Possession of False Document
In NSW, possession of a false document is a serious offence that carries a maximum penalty of imprisonment for ten (10) years. In NSW, a court can impose any of the following penalties for this charge:-
- Prison Sentence
- Home Detention
- Intensive Corrections Order (ICO)
- Suspended Sentence
- Community Service Order (CSO)
- Community Corrections Orders (CCO)
- Good Behaviour Bond
- Section 10A
- Conditional Release Order (CRO)
- Section 10
The Offence of Possessing False Document:
Section 255 of the Crimes Act 1900 states: a person who has in his or her possession a false document, knowing that it is false, with the intention that the person or another will use it: (a) to induce some person to accept it as genuine, and (b) because of its being accepted as genuine: (i) to obtain any property belonging to another, or (ii) to obtain any financial advantage or cause any financial disadvantage, or (iii) to influence the exercise of a public duty, is guilty of an offence.
What Actions Might Constitute Possessing a False Document?
What constitutes a ‘false’ document is defined in section 250(1) of the Act. That section provides a list of circumstances in which alterations to or the creation of the document would make the document a false one. In essence, a document is false if the document, or any part of it, purports:
- To be made by a person or with the authority of a person who did not make or authorise the document in that form or on those terms; or
- To have been altered by a person or with the authority of a person who did not alter or authorise the alteration;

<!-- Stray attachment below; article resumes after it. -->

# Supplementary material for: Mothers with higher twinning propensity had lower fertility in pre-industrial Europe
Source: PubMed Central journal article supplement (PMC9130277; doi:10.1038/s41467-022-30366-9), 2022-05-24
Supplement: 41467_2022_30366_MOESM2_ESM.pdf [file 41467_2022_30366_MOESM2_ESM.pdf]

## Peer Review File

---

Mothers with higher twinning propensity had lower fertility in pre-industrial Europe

- To have been made or altered on a date or a place which it was not made or altered; or
- To have been made or altered by or with the authority of a person who did not exist
Section 251 of the Act sets out the definition of “induce”. Importantly, ‘inducing a person to accept a false document as genuine’ covers circumstances where a document is fed to a machine if the machine responded to the document as if it were genuine.
- It is also important to note that the Police do not have to prove that you intended to induce a particular person to prove this offence. Rather, it is enough to show that there was intent to induce ‘some’ person, generally.
You can possess something even if it is not physically with you. Legally, you possess something if you have knowingly left it with another person, or at a location (whether or not you occupy that place) for your use or the use of another person.
Those most common offences charged under this section are where people are found to possess credit cards, licenses or other forms of identification in another name, or in multiple names.
What the Police Must Prove:
To convict you of “possessing false document” the Police must prove beyond reasonable doubt that you:-
- Possessed a false document;
- You did so with the intention that you or another person would induce a person to accept it as genuine; and
- Because of it being accepted as genuine, you would:
- Obtain any property belonging to another; or
- Obtain a financial advantage or cause a financial disadvantage; or
- Influence the exercise of a public duty.
Possible Defences to Possessing a False Document:
It is a defence to the charge of possessing false documents if you can show:-
- None of the documents were false;
- You did not have knowledge that the documents were false; or
- No financial advantage was gained or no financial disadvantage was done.
Which Court Will Hear Your Matter?